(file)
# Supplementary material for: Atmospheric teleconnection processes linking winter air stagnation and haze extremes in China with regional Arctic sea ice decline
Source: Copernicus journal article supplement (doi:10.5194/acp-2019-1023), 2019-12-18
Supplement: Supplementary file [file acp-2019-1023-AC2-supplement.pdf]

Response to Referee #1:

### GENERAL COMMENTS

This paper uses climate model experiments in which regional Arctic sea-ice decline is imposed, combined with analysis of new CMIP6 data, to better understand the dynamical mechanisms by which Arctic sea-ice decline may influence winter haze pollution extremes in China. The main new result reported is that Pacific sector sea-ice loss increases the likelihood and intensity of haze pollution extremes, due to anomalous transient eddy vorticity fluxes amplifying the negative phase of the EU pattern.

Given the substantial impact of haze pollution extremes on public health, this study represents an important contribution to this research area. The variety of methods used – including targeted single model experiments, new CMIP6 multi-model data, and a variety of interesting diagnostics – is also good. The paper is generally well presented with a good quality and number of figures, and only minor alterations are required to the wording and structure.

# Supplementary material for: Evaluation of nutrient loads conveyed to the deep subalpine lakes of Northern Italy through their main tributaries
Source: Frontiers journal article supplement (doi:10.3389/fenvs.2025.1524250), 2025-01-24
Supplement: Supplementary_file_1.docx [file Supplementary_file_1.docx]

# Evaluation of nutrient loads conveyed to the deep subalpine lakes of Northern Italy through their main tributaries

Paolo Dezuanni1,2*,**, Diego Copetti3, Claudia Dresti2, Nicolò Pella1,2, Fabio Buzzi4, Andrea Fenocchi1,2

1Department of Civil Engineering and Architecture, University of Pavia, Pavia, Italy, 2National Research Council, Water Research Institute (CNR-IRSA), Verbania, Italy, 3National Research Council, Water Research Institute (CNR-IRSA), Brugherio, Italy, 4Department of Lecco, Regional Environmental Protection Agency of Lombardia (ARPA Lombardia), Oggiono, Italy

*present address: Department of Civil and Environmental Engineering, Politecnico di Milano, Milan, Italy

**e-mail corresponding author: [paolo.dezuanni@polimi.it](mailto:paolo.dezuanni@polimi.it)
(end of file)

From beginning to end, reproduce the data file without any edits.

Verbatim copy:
# Supplementary material for: Atmospheric teleconnection processes linking winter air stagnation and haze extremes in China with regional Arctic sea ice decline
Source: Copernicus journal article supplement (doi:10.5194/acp-2019-1023), 2019-12-18
Supplement: Supplementary file [file acp-2019-1023-AC2-supplement.pdf]

Response to Referee #1:

### GENERAL COMMENTS

This paper uses climate model experiments in which regional Arctic sea-ice decline is imposed, combined with analysis of new CMIP6 data, to better understand the dynamical mechanisms by which Arctic sea-ice decline may influence winter haze pollution extremes in China. The main new result reported is that Pacific sector sea-ice loss increases the likelihood and intensity of haze pollution extremes, due to anomalous transient eddy vorticity fluxes amplifying the negative phase of the EU pattern.

Given the substantial impact of haze pollution extremes on public health, this study represents an important contribution to this research area. The variety of methods used – including targeted single model experiments, new CMIP6 multi-model data, and a variety of interesting diagnostics – is also good. The paper is generally well presented with a good quality and number of figures, and only minor alterations are required to the wording and structure.

# Supplementary material for: Evaluation of nutrient loads conveyed to the deep subalpine lakes of Northern Italy through their main tributaries
Source: Frontiers journal article supplement (doi:10.3389/fenvs.2025.1524250), 2025-01-24
Supplement: Supplementary_file_1.docx [file Supplementary_file_1.docx]

# Evaluation of nutrient loads conveyed to the deep subalpine lakes of Northern Italy through their main tributaries

Paolo Dezuanni1,2*,**, Diego Copetti3, Claudia Dresti2, Nicolò Pella1,2, Fabio Buzzi4, Andrea Fenocchi1,2

1Department of Civil Engineering and Architecture, University of Pavia, Pavia, Italy, 2National Research Council, Water Research Institute (CNR-IRSA), Verbania, Italy, 3National Research Council, Water Research Institute (CNR-IRSA), Brugherio, Italy, 4Department of Lecco, Regional Environmental Protection Agency of Lombardia (ARPA Lombardia), Oggiono, Italy

*present address: Department of Civil and Environmental Engineering, Politecnico di Milano, Milan, Italy

**e-mail corresponding author: [paolo.dezuanni@polimi.it](mailto:paolo.dezuanni@polimi.it)